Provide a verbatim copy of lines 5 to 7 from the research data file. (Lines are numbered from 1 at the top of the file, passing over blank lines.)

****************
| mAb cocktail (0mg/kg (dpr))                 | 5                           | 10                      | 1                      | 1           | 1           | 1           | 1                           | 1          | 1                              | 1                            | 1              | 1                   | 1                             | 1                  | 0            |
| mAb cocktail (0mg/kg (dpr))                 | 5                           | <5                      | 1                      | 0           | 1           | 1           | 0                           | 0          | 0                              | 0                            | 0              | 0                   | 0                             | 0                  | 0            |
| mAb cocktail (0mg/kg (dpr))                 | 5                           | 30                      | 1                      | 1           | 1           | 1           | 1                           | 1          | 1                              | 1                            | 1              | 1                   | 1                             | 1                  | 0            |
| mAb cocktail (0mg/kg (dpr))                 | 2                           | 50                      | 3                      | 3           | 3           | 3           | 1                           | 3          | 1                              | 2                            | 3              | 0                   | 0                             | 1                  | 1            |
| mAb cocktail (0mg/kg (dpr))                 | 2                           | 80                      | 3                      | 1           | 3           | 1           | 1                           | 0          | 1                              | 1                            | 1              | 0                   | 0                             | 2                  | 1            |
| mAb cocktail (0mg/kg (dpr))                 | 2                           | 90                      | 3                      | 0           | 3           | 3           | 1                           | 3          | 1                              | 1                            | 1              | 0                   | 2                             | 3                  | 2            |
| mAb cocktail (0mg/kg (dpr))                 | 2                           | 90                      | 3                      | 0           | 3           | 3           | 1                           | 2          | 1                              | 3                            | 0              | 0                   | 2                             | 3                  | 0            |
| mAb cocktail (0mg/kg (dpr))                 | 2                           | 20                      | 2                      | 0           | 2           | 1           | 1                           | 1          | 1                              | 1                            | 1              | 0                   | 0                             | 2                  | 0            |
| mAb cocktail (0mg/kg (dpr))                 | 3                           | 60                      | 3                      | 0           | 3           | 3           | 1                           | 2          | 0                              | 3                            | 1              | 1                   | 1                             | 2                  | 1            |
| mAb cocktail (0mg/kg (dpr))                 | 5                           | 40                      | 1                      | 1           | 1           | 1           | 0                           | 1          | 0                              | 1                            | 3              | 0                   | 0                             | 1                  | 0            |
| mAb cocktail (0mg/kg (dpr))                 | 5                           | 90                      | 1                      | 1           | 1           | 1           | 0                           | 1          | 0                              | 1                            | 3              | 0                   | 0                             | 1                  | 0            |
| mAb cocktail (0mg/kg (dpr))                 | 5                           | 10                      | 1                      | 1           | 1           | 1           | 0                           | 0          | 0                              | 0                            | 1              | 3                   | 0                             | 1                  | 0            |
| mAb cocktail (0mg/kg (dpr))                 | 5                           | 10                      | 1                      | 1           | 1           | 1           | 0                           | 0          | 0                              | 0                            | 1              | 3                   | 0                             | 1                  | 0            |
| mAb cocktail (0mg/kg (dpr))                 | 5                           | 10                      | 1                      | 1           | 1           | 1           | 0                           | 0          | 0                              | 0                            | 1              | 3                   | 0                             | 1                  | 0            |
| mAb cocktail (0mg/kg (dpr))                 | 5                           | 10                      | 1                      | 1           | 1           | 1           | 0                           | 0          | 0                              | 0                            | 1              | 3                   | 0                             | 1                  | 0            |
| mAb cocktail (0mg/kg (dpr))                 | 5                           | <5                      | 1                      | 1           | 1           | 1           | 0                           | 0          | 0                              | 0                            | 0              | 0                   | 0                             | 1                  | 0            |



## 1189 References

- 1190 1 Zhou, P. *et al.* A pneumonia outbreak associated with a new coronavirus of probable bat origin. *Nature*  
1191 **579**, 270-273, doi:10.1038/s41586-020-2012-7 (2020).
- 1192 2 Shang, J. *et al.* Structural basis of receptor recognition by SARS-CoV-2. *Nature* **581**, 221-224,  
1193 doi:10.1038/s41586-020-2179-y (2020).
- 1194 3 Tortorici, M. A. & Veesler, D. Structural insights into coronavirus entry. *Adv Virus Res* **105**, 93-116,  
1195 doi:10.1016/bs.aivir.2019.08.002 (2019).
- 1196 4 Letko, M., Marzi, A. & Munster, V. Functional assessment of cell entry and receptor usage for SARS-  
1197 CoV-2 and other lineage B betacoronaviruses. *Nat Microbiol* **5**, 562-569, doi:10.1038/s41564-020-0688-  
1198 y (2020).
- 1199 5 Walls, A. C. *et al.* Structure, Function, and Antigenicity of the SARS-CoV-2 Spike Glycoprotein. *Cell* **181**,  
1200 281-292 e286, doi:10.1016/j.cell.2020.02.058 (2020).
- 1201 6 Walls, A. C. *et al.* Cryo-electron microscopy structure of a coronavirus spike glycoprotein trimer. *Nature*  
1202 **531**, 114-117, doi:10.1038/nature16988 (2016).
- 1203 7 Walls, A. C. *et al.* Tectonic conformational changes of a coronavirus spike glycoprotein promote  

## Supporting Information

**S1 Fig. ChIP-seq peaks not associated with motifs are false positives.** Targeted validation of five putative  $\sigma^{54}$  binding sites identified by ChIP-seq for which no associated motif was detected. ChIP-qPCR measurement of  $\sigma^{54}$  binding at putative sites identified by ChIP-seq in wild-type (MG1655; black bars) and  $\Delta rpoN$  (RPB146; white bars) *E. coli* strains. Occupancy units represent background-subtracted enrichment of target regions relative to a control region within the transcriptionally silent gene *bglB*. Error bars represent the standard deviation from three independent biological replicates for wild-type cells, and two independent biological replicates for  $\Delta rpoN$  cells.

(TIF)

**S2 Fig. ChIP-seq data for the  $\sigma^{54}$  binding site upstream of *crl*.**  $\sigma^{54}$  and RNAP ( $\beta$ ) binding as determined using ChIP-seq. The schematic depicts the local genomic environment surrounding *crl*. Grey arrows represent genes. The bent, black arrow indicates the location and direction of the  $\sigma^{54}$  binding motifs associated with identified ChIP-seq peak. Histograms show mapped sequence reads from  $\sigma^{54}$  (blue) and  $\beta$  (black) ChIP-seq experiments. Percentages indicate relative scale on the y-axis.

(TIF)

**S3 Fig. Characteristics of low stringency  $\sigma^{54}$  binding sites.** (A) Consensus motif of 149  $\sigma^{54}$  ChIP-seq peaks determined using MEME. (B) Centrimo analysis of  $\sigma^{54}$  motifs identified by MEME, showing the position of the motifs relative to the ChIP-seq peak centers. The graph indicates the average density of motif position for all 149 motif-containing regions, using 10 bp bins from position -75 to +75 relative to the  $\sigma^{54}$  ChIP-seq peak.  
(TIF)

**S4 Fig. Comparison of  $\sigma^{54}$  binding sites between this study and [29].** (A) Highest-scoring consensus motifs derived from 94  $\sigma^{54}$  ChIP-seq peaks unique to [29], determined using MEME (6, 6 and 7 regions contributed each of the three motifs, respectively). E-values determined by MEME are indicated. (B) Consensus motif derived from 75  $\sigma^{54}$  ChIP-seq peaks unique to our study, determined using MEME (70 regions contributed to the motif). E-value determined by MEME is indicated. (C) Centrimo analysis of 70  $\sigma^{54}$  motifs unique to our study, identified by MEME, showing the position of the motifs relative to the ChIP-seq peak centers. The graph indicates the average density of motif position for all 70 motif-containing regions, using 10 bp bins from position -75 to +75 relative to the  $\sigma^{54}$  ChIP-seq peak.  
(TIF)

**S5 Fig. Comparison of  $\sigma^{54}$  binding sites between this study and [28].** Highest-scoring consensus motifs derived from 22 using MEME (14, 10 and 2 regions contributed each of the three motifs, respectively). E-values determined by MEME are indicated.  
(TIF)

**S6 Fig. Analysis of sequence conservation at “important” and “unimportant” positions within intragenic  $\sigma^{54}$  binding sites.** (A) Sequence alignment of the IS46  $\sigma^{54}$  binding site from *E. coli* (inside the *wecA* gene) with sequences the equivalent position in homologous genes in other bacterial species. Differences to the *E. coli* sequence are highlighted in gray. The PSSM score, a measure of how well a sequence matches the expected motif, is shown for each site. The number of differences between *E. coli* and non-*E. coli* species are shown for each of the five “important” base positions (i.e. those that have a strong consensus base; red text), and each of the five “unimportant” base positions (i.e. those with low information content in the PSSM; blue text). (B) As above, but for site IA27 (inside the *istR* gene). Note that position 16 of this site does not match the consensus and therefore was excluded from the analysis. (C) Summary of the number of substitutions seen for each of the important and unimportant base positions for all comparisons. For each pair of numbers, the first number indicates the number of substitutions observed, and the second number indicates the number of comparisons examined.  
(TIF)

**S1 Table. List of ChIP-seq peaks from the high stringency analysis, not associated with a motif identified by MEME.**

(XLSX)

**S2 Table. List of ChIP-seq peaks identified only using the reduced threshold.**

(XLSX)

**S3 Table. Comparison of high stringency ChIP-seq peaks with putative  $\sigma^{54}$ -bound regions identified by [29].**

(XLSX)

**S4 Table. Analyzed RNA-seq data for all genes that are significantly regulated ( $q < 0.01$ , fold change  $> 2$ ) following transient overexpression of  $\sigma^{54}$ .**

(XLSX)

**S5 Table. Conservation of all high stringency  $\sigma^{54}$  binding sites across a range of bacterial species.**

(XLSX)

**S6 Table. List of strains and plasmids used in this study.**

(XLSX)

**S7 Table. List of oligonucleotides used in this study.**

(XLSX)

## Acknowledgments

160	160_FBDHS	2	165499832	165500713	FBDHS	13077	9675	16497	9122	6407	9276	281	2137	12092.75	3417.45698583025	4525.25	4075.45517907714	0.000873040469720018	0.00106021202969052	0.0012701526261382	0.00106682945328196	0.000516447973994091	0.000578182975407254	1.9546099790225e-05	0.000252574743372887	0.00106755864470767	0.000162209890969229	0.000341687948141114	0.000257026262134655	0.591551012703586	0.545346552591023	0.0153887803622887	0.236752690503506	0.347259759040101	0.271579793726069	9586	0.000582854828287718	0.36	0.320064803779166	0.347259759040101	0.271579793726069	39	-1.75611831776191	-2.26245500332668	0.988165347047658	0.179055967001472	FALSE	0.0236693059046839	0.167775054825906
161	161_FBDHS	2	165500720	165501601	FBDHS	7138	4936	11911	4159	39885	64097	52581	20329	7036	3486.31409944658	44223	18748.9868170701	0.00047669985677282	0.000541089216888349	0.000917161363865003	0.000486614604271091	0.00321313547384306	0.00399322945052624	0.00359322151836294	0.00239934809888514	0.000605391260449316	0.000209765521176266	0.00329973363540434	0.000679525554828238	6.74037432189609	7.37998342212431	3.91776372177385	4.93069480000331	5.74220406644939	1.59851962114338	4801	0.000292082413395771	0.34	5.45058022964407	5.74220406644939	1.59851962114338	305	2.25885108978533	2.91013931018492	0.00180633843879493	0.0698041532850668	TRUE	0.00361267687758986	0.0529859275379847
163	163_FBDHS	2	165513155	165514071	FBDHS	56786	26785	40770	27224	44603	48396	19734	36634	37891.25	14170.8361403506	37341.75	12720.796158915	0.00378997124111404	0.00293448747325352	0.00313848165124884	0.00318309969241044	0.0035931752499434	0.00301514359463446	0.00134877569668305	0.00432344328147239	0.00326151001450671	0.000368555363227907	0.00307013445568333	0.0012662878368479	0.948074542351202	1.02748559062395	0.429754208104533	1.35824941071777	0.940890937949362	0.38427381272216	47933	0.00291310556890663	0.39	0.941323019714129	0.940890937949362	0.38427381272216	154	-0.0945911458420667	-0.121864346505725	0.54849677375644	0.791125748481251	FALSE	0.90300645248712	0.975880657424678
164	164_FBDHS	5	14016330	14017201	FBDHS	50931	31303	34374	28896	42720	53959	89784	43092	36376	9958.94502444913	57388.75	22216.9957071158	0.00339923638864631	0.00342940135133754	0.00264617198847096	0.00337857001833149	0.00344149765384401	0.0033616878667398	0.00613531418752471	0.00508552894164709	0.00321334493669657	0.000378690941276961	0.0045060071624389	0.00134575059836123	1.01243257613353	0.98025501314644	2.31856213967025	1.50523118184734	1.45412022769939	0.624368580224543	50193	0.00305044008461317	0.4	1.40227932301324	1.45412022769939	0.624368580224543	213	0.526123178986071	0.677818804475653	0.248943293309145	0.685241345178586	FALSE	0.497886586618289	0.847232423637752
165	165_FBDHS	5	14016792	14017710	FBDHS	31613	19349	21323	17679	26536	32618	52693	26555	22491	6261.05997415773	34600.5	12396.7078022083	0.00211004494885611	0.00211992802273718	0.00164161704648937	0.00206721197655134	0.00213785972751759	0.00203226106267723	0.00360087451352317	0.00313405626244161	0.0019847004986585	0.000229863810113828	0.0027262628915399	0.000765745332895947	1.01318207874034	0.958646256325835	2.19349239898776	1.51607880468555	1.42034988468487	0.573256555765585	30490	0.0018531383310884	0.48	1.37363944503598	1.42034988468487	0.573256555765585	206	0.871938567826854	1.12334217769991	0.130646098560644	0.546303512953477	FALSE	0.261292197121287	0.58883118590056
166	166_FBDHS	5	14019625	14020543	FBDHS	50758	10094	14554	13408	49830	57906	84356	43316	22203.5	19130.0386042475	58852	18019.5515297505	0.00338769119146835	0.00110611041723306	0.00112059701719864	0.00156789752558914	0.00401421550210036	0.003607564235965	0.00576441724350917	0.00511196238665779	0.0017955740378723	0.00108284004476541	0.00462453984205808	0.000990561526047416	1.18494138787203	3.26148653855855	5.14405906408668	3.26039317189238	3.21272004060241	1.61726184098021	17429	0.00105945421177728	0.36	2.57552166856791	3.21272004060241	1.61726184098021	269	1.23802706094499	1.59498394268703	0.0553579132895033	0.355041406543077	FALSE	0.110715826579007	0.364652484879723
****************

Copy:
| mAb cocktail (0mg/kg (dpr))                 | 2                           | 80                      | 3                      | 1           | 3           | 1           | 1                           | 0          | 1                              | 1                            | 1              | 0                   | 0                             | 2                  | 1            |
| mAb cocktail (0mg/kg (dpr))                 | 2                           | 90                      | 3                      | 0           | 3           | 3           | 1                           | 3          | 1                              | 1                            | 1              | 0                   | 2                             | 3                  | 2            |
| mAb cocktail (0mg/kg (dpr))                 | 2                           | 90                      | 3                      | 0           | 3           | 3           | 1                           | 2          | 1                              | 3                            | 0              | 0                   | 2                             | 3                  | 0            |